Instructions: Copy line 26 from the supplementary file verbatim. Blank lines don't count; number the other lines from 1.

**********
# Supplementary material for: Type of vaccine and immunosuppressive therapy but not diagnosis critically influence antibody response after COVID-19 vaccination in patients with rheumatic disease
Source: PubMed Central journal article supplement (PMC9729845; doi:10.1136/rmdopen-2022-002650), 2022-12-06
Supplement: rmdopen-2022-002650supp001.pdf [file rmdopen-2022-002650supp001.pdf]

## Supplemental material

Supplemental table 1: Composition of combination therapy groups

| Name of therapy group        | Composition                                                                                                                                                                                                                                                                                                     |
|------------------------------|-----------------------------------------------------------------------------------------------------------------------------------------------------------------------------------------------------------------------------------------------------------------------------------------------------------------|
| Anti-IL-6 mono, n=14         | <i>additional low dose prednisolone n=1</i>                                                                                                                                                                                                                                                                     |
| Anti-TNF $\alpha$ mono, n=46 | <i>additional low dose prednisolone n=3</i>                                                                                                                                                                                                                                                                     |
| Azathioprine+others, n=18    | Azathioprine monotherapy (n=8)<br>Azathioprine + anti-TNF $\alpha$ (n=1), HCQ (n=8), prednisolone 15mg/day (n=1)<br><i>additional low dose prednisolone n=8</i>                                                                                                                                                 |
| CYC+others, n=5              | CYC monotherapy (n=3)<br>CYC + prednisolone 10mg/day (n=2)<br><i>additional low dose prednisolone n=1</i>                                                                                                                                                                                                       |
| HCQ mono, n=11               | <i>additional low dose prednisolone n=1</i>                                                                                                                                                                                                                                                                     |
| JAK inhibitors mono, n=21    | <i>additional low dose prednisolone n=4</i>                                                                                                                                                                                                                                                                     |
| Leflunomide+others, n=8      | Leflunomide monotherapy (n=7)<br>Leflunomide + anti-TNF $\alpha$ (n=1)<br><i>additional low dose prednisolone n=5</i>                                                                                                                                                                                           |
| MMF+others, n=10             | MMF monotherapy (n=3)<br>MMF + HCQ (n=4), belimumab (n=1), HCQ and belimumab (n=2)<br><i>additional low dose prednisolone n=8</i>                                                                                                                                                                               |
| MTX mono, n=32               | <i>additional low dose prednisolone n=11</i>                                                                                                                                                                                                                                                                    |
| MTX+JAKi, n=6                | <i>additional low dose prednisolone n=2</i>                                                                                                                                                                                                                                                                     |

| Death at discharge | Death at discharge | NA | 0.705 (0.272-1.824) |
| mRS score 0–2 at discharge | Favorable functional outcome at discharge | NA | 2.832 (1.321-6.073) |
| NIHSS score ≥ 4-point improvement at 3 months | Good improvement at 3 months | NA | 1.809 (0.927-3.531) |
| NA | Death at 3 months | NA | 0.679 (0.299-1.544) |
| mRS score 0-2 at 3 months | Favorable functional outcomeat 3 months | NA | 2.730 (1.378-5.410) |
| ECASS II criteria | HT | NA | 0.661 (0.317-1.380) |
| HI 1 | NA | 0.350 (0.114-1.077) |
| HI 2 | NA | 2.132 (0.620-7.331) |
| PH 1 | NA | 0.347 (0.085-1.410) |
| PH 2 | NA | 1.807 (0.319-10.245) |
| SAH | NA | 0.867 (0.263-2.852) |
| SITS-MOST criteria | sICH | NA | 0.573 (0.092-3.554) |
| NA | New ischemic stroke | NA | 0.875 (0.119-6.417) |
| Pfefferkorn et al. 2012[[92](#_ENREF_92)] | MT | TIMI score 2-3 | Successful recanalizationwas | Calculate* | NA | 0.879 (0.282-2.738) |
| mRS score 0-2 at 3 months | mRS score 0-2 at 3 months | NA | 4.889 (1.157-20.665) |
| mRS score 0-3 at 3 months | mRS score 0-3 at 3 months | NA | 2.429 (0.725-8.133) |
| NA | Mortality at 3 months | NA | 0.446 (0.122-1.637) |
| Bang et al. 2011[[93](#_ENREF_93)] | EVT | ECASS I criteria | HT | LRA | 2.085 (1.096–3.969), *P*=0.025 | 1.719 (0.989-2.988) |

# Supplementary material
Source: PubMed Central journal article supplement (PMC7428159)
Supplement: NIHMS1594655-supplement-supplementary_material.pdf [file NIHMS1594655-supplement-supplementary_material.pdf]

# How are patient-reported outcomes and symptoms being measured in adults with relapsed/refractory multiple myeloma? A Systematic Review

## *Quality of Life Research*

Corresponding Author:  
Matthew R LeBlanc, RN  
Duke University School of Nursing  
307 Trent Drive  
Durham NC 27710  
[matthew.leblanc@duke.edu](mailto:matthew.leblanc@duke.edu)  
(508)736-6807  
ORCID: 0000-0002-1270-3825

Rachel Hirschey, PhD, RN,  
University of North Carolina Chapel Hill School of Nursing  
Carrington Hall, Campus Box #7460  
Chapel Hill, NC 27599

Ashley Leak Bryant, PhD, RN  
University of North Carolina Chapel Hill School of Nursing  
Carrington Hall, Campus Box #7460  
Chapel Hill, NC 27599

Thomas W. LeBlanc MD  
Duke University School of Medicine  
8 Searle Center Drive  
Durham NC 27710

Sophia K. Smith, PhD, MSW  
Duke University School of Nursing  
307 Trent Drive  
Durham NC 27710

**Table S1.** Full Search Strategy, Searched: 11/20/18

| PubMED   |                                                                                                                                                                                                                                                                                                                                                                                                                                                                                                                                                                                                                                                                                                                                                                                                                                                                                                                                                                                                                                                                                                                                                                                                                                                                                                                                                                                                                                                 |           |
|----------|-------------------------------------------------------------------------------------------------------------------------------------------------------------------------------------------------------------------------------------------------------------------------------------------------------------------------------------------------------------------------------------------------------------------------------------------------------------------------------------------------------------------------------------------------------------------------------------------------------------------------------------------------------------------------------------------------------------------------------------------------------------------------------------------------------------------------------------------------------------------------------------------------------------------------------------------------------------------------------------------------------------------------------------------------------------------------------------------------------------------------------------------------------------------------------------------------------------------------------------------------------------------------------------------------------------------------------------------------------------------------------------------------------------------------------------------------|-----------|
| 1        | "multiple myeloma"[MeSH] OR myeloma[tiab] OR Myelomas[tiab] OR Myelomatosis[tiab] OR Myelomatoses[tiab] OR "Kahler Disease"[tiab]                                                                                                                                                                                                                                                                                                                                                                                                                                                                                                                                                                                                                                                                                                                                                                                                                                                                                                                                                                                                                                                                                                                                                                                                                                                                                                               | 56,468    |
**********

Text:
| PH 1 | NA | 0.347 (0.085-1.410) |